‘Solar Eclipse of the Arts’: Merging Science and Theatre

Poster for 'Total Eclipse of the Arts'. Animation of the moon partially covering the sun with a QR code in the middle.

The prompt: write a play about solar eclipses. 

The students of Queen’s University (QU)’s DRAM 251 class were tasked with this in their 2023 fall semester. 24 plays were written as a result and seven have gone on to be dramaturged by the students of QU’s DRAM 339 class this 2024 winter semester. But the collaboration doesn’t end here. The seven plays will have staged readings tomorrow, March 25th, 2024 as part of an event presented by both the DAN School of Drama and Music and QU’s Department of Physics, Engineering Physics and Astronomy. This event, titled Total Eclipse of the Arts, is being held in anticipation of the total solar eclipse on April 8th, 2024. I recently had the opportunity to sit down with Dr. Sarah Waisvisz, professor of both DRAM 251 and DRAM 339, to ask her all my burning questions about this intensely cool project and collaboration. 

This interview has been edited for length and clarity. 

How did Total Eclipse of the Arts come to be? “Sarah Sadavoy in the physics department came to us—in drama—and said, ‘There’s going to be an eclipse, it would be cool to do something dramatic’… It seemed to me that writing about something that was happening to us, but human beings have experienced across time and space since—for a long time before we even knew how to record it—was a really phenomenal topic.”

Next came the prompt to Waisvisz’s DRAM 251 students and the project began rolling, all while keeping the physics department involved. “The playwriting students met with [Sadavoy] and she gave a short lecture on solar eclipses so that we could all learn what it was, and as class, they visited the observatory that is on Queen’s campus… Then those seven students [in my dramaturgy class] also visited the observatory, have been researching and learning about eclipses, have now met Sarah Sadavoy as well as a few other researchers, and they’re the ones who are going to present the shows.”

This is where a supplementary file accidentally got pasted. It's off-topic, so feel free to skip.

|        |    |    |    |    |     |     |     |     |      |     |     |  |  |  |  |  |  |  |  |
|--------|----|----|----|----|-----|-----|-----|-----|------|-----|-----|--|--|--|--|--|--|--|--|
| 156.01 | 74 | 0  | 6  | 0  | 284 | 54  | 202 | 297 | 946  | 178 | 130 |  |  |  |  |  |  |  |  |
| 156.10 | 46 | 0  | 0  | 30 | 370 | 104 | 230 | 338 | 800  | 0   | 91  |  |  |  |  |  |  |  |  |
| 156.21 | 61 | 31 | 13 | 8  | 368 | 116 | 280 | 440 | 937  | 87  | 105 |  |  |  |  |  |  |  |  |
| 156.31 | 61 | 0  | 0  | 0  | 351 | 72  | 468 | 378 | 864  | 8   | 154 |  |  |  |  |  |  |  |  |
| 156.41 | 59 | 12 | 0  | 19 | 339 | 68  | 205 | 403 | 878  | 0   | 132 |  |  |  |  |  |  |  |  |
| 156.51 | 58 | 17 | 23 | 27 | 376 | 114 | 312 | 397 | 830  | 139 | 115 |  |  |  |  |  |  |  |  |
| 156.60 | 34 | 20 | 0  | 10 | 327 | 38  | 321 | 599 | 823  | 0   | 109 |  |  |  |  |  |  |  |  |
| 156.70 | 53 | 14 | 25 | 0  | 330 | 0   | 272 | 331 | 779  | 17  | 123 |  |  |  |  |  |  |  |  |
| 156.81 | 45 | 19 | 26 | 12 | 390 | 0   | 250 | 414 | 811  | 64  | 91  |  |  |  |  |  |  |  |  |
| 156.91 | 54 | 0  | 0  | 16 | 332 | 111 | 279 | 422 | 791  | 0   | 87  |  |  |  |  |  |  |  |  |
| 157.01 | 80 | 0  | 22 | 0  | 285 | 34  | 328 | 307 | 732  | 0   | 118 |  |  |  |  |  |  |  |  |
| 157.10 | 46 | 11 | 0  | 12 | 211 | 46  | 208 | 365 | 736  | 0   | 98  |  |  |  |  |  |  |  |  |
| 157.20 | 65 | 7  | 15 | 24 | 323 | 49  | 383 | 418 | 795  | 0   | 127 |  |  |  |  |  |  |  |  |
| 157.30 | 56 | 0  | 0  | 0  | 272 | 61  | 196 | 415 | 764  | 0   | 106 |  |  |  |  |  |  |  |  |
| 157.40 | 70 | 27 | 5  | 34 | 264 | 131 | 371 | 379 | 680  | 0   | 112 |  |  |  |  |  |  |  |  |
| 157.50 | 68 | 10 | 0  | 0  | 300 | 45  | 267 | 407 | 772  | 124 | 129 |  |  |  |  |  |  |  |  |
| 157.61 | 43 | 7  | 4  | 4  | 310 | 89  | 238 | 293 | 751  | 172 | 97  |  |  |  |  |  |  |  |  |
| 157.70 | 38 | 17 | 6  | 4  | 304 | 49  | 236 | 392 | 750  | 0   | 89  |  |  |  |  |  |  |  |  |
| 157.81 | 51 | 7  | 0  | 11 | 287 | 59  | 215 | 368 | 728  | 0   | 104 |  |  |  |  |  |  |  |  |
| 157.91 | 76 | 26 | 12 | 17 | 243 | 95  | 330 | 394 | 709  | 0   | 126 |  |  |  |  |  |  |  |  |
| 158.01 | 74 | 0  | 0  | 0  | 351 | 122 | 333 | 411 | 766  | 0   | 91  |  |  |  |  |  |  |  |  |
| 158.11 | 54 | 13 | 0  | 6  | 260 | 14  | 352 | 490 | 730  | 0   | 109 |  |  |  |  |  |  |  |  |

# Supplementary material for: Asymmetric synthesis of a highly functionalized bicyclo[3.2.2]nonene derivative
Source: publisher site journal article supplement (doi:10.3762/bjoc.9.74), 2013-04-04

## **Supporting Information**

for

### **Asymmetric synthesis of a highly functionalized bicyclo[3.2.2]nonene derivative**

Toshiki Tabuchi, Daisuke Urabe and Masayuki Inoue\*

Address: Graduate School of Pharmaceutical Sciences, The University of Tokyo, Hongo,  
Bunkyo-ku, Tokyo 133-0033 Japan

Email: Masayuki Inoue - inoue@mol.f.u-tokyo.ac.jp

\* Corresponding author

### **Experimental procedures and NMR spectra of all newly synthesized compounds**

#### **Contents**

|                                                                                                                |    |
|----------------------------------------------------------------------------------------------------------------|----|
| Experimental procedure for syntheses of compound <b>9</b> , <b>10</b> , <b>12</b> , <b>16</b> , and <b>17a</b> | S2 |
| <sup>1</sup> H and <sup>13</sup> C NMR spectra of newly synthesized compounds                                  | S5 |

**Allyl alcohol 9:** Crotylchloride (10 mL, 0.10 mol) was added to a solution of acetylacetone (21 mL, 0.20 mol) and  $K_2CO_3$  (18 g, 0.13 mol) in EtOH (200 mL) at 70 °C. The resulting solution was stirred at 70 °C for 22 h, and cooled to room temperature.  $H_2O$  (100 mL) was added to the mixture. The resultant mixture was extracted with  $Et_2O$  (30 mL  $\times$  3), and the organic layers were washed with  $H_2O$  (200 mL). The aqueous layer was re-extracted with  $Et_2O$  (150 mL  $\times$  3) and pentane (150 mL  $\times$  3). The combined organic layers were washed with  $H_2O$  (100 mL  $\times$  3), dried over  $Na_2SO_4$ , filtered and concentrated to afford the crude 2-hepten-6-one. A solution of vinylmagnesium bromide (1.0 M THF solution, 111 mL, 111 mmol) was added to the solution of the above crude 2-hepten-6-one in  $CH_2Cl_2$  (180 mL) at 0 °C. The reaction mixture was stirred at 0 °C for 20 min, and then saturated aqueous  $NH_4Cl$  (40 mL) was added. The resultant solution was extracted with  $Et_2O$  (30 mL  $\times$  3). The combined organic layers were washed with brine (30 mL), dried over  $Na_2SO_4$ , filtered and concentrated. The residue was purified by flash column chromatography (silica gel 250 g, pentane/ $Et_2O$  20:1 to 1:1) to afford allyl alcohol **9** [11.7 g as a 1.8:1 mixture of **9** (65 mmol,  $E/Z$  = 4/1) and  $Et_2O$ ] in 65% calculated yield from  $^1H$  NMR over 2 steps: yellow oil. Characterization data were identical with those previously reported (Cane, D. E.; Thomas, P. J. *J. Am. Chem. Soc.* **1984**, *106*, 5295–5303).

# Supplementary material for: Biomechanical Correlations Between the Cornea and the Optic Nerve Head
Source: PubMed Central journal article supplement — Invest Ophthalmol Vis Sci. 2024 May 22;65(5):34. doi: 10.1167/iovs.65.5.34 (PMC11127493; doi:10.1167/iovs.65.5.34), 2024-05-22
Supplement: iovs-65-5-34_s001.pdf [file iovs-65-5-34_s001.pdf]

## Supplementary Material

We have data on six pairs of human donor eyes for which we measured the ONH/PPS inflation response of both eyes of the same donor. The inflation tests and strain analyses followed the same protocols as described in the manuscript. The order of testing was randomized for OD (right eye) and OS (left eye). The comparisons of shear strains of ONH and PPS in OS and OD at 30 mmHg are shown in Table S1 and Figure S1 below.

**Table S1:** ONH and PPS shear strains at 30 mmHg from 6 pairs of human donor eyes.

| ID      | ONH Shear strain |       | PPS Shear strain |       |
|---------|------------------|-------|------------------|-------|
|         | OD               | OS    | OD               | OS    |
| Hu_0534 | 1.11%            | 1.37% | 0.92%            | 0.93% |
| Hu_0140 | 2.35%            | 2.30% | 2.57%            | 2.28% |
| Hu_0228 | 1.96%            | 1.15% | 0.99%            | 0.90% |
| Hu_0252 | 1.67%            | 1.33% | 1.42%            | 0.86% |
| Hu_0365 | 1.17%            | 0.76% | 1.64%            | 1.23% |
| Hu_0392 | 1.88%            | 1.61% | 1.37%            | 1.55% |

Speaking of the shows, who is involved in the play readings? “[Students of DRAM 339 and I] decided to do readings because we didn’t have the capacity to do a fully staged production—I would have had to choose just one play and I wanted to showcase as many works as I could. Already doing seven is a sad number from 24 but we chose seven. And I put out a call for actors—volunteer actors—and the call went out to the drama department and the music department, and to the physics department. So we have six actors. Two of them are from physics and four of them are from drama, which is a beautiful combination.”

I was growing more and more fascinated by this amazing collaboration. In addition to bringing actors onboard, have the playwrights remained involved? “All playwrights have been asked to make adjustments and changes based on feedback from the dramaturgs. Some scripts went through longer, more intense adjustments than others, sometimes due to length, sometimes due to, the plays were chosen for XYZ reason but maybe needed some tweaks in order to be presented in a clear way because a play is never written for a staged reading. So we’re asking it to do something that maybe wasn’t the intention.”

Photo of Sarah Waisvisz.
Sarah Waisvisz. Photo sourced from Waisvisz’s QU’s biography.